The extent of the school dropout issue has been difficult to pin down, but the measurements are becoming more reliable and the solutions more finely tuned. For a time, officials noted that the graduation rate was 62 percent in Spokane Public Schools, but as it turned out that figure was too simplistic, failing to take into account students who would eventually graduate, if not on time, and a host of other exceptions that couldn’t be captured because of gaps in student data.
Now the public can look at two figures with which to evaluate dropout rates. First, there is the on-time graduation rate, which begins tracking students in ninth grade and checks their status four years later. Second, there is the extended rate, which also tracks whether students graduated outside the four-year window. Society still benefits when students graduate late, so the extended rate ought to get more attention than it does. Furthermore, both calculations treat those who get a General Education Development certificate as dropouts, even though a GED is roughly equivalent to a high school diploma and is treated as such by many employers and higher education institutions.
A total of 4,898 students in the Class of 2010 received a “late” diploma, according to the latest report from the Office of the Superintendent of Public Instruction. The extended graduation rate statewide is 82.6 percent, but the more widely discussed figure is the on-time rate, which is now 76.5 percent statewide. For Spokane Public Schools this figure is 70.2 percent, which is a significant improvement over 62 percent. Then again, half of that improvement is attributed to more accurate counting, which suggests the problem was always overstated. And, yes, that is still below the state average, but the gap is narrowing.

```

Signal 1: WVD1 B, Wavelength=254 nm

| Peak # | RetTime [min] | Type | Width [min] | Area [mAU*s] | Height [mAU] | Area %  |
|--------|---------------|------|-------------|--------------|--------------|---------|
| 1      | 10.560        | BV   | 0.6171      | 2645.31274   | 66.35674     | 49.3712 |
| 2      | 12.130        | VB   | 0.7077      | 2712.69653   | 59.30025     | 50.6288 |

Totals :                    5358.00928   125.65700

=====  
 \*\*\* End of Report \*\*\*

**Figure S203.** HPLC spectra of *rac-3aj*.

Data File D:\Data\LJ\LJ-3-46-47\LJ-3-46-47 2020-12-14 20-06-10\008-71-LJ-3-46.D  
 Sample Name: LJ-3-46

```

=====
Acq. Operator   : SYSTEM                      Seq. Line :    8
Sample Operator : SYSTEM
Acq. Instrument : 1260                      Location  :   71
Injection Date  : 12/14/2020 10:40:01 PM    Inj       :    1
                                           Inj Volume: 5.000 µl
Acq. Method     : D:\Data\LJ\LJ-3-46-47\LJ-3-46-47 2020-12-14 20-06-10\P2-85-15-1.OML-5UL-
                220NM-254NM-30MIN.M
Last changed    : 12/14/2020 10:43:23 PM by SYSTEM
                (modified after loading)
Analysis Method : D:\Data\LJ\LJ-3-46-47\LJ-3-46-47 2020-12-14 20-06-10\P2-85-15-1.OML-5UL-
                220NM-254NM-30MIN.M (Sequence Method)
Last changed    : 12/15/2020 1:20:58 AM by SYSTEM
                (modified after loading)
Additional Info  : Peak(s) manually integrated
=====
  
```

At the same time, the extended graduation rate for all Spokane County high schools was 83.6 percent and 73.4 percent for Spokane Public Schools. These figures are less troubling than those we’re used to hearing.
So what does this blizzard of data mean? First, it shows that a more comprehensive tracking of students by itself lowered the dropout rate. So it was beneficial for Spokane Public Schools to assign a person who focuses on this. By tracking where students went, the district discovered that many of them should not have been categorized as dropouts. Second, by focusing on the extended rate, we find that the issue is more manageable. Third, that when proposing solutions, especially those that call for tax increases, it helps to know the extent of the problem and whether districts are doing all they can do.
Spokane Public Schools recently started the On-Track Academy, which identifies the juniors and seniors who are in jeopardy of missing graduation and gets them immediate help. As a result, 95 percent of them graduate. Other programs focus on middle school students, but the effects won’t be known until those classes reach graduation.
All in all, the public should be encouraged by the efforts to identify the problem and implement solutions, but it should still demand further progress and accountability.